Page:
Wonky fruit and veg back in the shops. Hurrah!
2009 is all going right for Esther Rantzen. First, she stepped up to volunteer herself as a sleaze-free independent prospective MP for Luton, railing against the expenses scandal in the House Of Commons. It led to a disturbing performance by her on BBC1’s Question Time where she nakedly displayed as much raw ego and self-regard as the politicians she claims to be against.
Now, the very heartbeat of her old hit show That’s Life is back – we’re talking of course about wonkily-shaped fruit and vegetables. The 20 year-old EU ban on odd-looking plums and carrots that strongly resemble men’s cocks has been lifted in a bid to reduce bureaucracy.
Amazingly, in a world where children die of starvation, around 20% of produce is rejected by shops across the EU for failing to meet the current requirements. Agriculture Commissioner Mariann Fischer Boel made one of he most blindingly obvious statements of all time when she said: “It makes no sense to throw perfectly good products away, just because they are the 'wrong' size and shape”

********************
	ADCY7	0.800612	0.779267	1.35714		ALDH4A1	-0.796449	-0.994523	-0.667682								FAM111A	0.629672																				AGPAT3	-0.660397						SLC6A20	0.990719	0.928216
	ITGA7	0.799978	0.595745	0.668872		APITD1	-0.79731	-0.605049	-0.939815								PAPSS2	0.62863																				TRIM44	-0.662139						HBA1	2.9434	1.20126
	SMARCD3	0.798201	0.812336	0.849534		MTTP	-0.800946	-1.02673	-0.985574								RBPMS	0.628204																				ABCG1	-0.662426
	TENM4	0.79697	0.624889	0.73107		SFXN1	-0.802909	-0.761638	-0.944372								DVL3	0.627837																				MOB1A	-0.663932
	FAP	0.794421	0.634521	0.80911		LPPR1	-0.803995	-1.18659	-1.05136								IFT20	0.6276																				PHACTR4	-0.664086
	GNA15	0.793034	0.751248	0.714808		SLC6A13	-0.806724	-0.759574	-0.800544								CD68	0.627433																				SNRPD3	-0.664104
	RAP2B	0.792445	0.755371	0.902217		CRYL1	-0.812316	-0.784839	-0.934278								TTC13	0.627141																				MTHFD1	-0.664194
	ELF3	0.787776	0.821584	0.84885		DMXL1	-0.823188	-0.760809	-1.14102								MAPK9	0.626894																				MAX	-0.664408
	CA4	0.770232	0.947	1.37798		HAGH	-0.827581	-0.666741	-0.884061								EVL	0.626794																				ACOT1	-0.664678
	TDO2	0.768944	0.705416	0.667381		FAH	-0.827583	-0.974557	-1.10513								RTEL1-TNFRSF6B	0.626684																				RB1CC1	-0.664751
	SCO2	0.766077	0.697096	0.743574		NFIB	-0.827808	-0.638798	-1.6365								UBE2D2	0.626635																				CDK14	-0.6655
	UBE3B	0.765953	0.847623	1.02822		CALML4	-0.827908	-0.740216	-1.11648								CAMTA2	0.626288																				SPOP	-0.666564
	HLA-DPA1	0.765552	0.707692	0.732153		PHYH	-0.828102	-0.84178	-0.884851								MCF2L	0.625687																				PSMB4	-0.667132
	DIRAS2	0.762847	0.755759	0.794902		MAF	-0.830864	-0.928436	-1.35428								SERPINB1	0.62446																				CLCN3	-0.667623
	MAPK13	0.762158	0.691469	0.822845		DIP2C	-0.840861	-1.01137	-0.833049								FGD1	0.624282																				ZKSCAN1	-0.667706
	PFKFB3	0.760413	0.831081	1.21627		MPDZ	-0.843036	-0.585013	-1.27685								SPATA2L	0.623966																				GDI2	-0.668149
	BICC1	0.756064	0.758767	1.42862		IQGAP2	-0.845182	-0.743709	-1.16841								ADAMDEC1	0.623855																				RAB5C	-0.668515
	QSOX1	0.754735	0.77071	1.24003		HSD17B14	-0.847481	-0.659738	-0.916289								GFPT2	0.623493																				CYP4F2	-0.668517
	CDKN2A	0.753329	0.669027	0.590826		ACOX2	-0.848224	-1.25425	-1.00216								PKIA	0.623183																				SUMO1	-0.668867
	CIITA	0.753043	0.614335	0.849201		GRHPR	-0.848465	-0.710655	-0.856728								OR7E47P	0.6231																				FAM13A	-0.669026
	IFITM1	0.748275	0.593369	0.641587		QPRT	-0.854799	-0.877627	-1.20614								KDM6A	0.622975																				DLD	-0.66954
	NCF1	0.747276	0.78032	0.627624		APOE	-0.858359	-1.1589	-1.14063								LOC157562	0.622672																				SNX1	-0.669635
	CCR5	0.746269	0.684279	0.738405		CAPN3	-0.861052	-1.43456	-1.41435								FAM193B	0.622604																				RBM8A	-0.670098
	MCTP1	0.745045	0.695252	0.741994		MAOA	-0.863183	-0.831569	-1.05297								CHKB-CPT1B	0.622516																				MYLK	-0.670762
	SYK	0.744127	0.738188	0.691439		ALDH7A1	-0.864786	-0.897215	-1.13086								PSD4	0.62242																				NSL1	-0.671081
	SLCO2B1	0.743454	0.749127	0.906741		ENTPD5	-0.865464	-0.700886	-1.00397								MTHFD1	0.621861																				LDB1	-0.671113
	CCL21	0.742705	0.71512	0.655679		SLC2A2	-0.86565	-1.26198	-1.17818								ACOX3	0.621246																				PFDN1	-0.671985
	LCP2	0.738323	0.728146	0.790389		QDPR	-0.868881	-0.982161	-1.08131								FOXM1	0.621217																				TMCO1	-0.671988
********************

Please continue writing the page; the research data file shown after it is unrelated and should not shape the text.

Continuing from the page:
No longer living under the jackbooted tyranny of bonkers EU law are apricots, artichokes, asparagus, aubergines, avocados, beans, Brussels sprouts, carrots, cauliflowers, cherries, courgettes, cucumbers, cultivated mushrooms, garlic, hazelnuts in shell, headed cabbage, leeks, melons, onions, peas, plums, ribbed celery, spinach, walnuts in shell, water melons and witloof/chicory. Witloof there, whatever the fuck that is.
BUT… the rules still apply to the most popular types of produce, namely: apples, citrus fruit, kiwi fruit, lettuces, peaches and nectarines, pears, strawberries, sweet peppers, table grapes and tomatoes. They make up 75% of EU fruit and vegetable sales, and any wonky examples will have to be stickered with something like “product intended for processing” in a way of placating shoppers who may have been spooked by their appearances.
But now that we've learned to live without these freaks of nature, will you be comfortable going back to buying them, or will you shun them as though they are scarcely-edible versions of the Elephant Man? Let us know.
Esther Rantzen was unavailable for comment as we went to press. Because we haven’t got her phone number. What we do have though, is a potato that resembles how we imagine one of her boobs would look like. Happy days!